Hospitality faces unique challenges and has specific requirements, making conventional accounting systems unfit for this industry.
Infor d/EPM is a fully integrated solution suite that is capable of automating your business’ financial management process, thereby eliminating the use of spreadsheets. It layers world-class in-context business intelligence, financial performance management, and risk and compliance monitoring, empowers you to drive your business performance more effectively.
In a global survey conducted by KPMG1 in 2016, over two-thirds of respondents, who are all senior executives, said they have some forms of rolling forecast in place. In order to thrive in this VUCA world, accurate forecasting seems more imperative than ever. Rolling forecasting, as a means to achieve that, is now a universal practice thanks to its proven capabilities.
Planning, Budgeting, and Forecasting (PB&F) is one of the three management processes that constitute Enterprise Performance Management (EPM). We have presented the basic principles of EPM and its other two components in a previous post. In this article, we will dive deeper into the PB&F process and discuss the similarities and differences among financial planning, budgeting, and forecasting.
Vienna House is an Austria-based hotel chain that currently has 34 hotels under its brand. The brand is famous for their classic Viennese charm with a touch of modern comfort. During the past five years, Vienna House has grown and acquired a few more hotels. The steady growth brings in the inevitable IT challenge: the need for a revenue management system to help unify and manage all of the hotels in the group.
In today’s complex and rapidly changing business climate, there is an increased demand for top management to better observe, measure, and manage their business. Planning and budgeting plays an important role in enterprise performance management. However, in many organisations, planning and budgeting is not seen as adding value since:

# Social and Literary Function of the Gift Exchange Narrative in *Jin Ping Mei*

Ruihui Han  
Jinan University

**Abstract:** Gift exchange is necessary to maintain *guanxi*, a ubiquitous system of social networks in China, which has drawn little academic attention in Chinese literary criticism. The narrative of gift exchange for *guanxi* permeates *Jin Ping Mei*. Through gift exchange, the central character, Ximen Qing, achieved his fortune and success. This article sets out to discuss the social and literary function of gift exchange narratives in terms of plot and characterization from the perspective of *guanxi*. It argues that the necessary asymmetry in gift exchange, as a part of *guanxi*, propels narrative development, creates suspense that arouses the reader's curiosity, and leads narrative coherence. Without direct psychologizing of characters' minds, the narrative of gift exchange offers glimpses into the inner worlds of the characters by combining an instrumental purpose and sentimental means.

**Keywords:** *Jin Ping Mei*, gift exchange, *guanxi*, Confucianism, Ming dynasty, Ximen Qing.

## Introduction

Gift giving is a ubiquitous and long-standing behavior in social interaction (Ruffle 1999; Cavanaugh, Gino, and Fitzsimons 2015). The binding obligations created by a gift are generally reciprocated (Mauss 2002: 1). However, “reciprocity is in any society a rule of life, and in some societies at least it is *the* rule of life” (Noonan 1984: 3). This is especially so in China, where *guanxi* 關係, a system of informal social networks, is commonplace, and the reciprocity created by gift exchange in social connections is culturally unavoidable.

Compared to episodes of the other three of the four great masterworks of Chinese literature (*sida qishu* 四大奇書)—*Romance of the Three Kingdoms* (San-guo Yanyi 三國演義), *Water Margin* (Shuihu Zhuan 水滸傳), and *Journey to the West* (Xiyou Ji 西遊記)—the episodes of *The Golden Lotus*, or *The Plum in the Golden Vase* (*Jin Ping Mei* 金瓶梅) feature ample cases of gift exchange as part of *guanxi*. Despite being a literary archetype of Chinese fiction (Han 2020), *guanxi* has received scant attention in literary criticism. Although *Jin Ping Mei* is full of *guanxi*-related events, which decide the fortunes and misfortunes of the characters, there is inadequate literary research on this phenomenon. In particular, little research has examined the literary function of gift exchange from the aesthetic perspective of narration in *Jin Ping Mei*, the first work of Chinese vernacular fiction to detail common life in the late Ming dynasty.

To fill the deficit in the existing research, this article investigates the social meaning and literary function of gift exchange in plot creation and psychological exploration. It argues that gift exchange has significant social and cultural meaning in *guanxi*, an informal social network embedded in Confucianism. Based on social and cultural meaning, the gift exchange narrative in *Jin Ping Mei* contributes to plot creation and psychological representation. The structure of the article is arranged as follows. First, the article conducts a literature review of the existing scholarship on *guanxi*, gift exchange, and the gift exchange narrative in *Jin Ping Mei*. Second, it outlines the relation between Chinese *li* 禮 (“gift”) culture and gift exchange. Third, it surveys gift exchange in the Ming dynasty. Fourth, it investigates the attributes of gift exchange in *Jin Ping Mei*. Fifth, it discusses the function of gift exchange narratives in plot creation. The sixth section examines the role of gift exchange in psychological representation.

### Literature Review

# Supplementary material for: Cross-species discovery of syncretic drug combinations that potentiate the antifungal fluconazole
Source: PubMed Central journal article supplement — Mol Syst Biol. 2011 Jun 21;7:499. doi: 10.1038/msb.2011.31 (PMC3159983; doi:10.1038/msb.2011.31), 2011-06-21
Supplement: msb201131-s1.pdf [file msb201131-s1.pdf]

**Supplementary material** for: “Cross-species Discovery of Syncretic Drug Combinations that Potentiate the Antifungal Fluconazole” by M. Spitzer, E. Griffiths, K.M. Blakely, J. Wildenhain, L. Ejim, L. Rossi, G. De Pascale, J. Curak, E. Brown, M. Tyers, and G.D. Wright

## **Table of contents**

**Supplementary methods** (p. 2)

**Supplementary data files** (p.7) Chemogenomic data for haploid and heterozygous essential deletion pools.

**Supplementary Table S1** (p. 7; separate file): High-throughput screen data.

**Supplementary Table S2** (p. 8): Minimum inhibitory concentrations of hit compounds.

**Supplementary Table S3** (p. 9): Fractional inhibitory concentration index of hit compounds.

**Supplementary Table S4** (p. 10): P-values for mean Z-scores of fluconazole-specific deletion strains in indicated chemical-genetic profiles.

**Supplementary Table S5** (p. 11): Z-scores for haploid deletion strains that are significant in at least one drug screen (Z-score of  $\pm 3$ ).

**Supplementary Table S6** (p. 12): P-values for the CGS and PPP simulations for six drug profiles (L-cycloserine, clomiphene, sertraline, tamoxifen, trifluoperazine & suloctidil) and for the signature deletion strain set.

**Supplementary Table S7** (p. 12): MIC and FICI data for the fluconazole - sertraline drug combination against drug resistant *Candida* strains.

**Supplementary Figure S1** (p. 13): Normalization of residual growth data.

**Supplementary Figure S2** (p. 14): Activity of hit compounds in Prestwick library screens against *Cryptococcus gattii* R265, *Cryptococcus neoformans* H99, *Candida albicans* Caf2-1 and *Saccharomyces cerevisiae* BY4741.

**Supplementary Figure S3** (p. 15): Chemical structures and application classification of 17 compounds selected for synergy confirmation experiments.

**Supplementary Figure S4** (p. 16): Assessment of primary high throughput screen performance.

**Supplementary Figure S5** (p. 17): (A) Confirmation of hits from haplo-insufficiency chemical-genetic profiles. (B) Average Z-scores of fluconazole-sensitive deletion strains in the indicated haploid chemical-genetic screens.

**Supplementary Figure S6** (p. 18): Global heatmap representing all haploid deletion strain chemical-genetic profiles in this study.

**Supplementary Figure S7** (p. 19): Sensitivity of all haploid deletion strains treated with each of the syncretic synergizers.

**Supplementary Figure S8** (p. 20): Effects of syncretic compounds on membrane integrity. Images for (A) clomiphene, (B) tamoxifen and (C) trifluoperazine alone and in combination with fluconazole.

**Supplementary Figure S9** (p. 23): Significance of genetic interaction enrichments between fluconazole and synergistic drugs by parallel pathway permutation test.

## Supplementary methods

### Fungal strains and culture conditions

Since the early days, Management Accounting has played a critical role in helping executives to make impactful decisions. However, many people have easily mistaken Management Accounting for "Financial Accounting". When you clearly understand these two concepts, you will see that they have obvious fundamental differences.
Financial analysis dates back centuries, at least to the codification of double-entry bookkeeping in the 15th century. The analysis of balance sheets and income statements has long served as the basis of credit and lending decisions.
The discipline of management accounting developed in the early 20th century as a way of using accounting data to keep corporate executives and managers informed about what happened or is happening and why.
As the world is heading towards an uncertain future, businesses can expect some unexpected events along the way. Therefore, agility needs to be embedded in every business process, including corporate financial planning.
In today’s fast-moving world, companies have to juggle multiple priorities when managing their business, such as overseeing financials transactions, measuring corporate performance, attesting financial reports, timely closing and consolidating financial data. Thus, it is no surprise that CFOs are always aiming to close books and comply with regulations faster and more efficiently.